Advanced
Impact of Diet in Shaping Gut Microbiota Revealed by a Comparative Study in Infants During the First Six Months of Life
Impact of Diet in Shaping Gut Microbiota Revealed by a Comparative Study in Infants During the First Six Months of Life
Journal of Microbiology and Biotechnology. 2014. Feb, 24(2): 133-143
Copyright © 2014, The Korean Society For Microbiology And Biotechnology
  • Received : September 12, 2013
  • Accepted : October 28, 2013
  • Published : February 28, 2014
Download
PDF
e-PUB
PubReader
PPT
Export by style
Article
Author
Metrics
Cited by
TagCloud
About the Authors
Wenguang Fan
Hei LongJiang Vocational College, Harbin 150111, China
Guicheng Huo
Key Laboratory of Dairy Science, Ministry of Education, Northeast Agricultural University, Harbin 150030, China
gchuo58@163.com
Xiaomin Li
Key Laboratory of Dairy Science, Ministry of Education, Northeast Agricultural University, Harbin 150030, China
Lijie Yang
Key Laboratory of Dairy Science, Ministry of Education, Northeast Agricultural University, Harbin 150030, China
Cuicui Duan
Key Laboratory of Dairy Science, Ministry of Education, Northeast Agricultural University, Harbin 150030, China

Abstract
The development of the gut is controlled and modulated by different interacting mechanisms, such as genetic endowment, intrinsic biological regulatory functions, environment influences and last but no least, the diet influence. In this work, we compared the fecal microbiota of breast-fed (BF), formula-fed (FF), and mixed-fed (MF) infants from Hebei Province, China. By using high-throughput 16S rDNA sequencing analyses, we found some differences in gut microbiota in the three groups. Firmicutes and Proteobacteria were the dominant bacteria at the phylum level in the three groups, where FF infants showed a significant depletion in Bacteroidetes ( p < 0.001) and Actinobacteria ( p < 0.05). Enterobacteriaceae was the dominant bacteria at the family level in the three groups, but FF infants showed higher Enterobacteriaceae enrichment than BF and MF infants ( p < 0.05); the abundance of the Bifidobacteriaceae was only 8.16% in the feces of BF infants, but higher than in MF and FF infants ( p < 0.05). The number of genera detected (abundance >0.01%) in BF, MF, and FF infants was only 15, 16, and 13, respectively. This study could provide more accurate and scientific data for the future study of infant intestinal flora.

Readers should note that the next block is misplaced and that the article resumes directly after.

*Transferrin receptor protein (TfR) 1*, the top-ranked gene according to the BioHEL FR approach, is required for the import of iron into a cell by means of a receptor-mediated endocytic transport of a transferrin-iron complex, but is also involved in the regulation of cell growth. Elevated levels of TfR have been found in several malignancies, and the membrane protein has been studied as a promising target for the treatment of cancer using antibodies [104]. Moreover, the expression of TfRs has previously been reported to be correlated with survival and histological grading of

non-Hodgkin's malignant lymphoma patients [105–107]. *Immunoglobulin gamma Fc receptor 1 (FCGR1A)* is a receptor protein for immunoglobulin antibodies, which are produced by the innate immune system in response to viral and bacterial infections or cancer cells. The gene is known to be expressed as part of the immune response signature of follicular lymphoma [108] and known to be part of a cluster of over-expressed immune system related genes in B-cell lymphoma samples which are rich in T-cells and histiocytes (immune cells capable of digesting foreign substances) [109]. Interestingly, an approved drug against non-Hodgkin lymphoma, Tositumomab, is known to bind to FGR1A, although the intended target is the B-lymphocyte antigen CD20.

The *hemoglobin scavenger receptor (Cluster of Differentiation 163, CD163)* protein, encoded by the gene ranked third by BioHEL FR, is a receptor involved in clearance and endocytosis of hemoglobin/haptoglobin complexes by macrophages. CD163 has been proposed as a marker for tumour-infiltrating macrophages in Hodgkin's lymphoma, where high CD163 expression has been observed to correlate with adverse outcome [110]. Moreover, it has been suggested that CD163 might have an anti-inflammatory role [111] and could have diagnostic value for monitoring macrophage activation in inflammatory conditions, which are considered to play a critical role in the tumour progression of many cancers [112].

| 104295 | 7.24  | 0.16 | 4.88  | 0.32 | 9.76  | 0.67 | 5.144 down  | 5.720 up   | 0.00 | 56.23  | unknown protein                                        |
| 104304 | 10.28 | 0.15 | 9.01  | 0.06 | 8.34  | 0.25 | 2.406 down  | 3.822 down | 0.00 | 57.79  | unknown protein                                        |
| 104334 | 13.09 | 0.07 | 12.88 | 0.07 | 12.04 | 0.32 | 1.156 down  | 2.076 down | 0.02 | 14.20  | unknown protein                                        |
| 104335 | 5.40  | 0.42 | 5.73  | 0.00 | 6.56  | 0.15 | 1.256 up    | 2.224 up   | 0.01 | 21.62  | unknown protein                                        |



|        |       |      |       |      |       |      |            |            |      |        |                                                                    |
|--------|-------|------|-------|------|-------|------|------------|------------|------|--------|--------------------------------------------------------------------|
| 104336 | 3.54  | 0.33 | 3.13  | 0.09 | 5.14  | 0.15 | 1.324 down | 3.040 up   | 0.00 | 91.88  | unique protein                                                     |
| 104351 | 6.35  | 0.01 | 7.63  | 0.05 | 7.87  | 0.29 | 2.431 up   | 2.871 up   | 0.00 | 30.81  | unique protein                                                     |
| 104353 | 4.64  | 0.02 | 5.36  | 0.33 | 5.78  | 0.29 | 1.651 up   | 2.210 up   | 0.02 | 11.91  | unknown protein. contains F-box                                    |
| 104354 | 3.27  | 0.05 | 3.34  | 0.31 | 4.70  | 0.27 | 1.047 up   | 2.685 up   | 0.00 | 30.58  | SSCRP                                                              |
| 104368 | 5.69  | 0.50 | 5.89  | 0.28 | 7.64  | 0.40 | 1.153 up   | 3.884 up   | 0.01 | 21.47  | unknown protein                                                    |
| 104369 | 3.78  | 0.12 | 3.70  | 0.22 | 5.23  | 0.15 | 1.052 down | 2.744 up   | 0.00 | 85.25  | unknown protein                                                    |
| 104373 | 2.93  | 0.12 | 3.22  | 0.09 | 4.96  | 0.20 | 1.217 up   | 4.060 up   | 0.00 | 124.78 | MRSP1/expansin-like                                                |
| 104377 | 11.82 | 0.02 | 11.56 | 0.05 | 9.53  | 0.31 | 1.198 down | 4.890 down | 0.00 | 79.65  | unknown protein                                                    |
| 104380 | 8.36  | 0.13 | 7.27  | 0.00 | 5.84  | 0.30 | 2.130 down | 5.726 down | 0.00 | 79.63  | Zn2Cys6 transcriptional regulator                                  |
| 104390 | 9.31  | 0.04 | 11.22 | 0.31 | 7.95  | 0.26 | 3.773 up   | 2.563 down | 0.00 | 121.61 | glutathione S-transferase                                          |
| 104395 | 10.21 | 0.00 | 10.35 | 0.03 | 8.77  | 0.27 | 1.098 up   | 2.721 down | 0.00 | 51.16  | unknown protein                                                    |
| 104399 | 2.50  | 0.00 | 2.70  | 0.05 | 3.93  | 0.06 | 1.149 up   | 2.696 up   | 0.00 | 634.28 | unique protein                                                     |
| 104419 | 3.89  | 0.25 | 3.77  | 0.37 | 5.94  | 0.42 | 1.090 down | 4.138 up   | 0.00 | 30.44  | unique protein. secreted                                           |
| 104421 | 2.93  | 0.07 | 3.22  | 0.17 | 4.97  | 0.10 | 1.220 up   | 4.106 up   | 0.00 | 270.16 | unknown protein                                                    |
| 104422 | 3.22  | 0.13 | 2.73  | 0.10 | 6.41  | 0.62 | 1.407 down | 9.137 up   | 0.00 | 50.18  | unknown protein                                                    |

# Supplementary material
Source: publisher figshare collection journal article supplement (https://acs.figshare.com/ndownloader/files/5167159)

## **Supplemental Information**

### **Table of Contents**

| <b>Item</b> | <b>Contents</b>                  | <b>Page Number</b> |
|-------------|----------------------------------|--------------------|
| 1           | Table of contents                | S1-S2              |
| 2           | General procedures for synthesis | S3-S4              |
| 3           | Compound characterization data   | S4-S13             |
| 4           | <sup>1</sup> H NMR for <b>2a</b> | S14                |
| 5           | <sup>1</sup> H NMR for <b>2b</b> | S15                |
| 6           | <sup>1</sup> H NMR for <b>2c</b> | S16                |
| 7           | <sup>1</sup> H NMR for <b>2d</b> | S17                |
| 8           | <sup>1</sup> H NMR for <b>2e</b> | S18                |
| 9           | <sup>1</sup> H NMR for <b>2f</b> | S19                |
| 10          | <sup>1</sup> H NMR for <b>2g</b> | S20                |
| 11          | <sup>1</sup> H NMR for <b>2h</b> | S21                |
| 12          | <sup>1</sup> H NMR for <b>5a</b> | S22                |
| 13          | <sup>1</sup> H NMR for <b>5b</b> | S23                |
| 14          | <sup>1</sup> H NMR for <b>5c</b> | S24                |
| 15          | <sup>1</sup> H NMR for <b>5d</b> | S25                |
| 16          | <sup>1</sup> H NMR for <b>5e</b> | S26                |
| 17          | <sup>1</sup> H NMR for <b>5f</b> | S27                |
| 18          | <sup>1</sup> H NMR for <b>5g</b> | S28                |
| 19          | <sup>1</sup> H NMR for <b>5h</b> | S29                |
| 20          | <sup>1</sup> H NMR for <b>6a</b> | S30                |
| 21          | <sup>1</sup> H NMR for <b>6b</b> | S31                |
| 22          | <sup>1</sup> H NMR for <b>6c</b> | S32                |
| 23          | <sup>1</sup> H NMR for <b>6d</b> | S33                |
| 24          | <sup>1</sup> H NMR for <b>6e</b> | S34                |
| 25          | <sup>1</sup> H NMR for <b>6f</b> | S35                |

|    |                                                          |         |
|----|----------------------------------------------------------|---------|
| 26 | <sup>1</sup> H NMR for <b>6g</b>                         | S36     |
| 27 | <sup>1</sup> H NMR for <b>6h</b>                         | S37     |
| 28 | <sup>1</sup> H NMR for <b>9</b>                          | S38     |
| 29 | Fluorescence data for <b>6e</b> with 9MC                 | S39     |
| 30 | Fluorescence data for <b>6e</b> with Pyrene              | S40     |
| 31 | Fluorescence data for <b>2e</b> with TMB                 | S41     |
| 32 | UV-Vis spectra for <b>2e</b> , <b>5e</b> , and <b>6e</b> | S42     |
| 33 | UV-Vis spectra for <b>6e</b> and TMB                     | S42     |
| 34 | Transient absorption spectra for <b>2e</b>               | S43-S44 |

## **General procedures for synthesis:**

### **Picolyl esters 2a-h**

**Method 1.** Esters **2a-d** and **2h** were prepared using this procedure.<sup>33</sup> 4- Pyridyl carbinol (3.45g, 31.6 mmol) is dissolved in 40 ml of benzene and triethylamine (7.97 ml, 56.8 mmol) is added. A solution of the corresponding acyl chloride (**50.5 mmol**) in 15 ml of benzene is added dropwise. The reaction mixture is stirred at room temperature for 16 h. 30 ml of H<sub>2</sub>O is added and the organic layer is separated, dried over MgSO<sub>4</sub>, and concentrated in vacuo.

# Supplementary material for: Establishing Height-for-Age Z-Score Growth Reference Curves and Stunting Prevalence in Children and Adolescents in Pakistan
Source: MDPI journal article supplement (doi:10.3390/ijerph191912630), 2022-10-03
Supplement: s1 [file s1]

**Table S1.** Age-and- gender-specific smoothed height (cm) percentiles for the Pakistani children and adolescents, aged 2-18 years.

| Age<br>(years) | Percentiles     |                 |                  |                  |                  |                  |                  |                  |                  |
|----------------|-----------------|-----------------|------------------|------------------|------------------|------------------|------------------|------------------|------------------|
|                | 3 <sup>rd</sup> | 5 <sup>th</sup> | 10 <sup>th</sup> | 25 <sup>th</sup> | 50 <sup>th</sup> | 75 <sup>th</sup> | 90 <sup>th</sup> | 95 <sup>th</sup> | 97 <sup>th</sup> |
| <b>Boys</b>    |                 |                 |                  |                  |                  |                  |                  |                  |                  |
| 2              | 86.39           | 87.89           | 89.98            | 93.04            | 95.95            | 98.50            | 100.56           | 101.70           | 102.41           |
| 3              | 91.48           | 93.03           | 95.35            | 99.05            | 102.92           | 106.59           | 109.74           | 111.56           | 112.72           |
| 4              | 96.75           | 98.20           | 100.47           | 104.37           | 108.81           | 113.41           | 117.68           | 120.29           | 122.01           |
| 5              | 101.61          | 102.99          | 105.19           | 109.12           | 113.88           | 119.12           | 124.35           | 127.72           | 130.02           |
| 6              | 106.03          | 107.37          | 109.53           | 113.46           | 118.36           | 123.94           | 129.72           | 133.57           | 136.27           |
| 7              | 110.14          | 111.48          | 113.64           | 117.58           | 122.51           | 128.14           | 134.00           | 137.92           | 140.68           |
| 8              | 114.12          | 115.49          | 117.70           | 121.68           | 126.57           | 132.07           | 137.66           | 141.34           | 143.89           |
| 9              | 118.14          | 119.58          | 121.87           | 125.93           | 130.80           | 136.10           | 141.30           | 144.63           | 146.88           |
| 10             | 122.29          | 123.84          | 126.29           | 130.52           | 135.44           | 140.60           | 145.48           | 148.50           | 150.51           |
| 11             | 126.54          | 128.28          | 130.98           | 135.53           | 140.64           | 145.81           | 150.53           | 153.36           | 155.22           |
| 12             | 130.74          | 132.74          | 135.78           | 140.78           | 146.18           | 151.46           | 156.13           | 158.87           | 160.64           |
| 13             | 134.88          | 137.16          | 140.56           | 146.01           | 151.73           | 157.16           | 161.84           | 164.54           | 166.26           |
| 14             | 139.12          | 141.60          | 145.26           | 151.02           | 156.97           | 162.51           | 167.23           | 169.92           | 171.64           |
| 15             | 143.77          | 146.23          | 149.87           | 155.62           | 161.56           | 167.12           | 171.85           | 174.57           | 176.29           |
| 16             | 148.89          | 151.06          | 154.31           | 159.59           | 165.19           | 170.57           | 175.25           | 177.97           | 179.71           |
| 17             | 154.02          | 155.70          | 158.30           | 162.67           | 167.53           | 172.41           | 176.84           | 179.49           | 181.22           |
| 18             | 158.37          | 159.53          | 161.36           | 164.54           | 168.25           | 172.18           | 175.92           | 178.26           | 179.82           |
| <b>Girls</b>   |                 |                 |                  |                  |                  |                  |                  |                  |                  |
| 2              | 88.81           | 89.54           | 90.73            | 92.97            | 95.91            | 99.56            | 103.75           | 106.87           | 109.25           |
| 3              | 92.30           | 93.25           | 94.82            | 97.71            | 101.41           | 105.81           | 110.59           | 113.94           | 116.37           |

Keywords
Introduction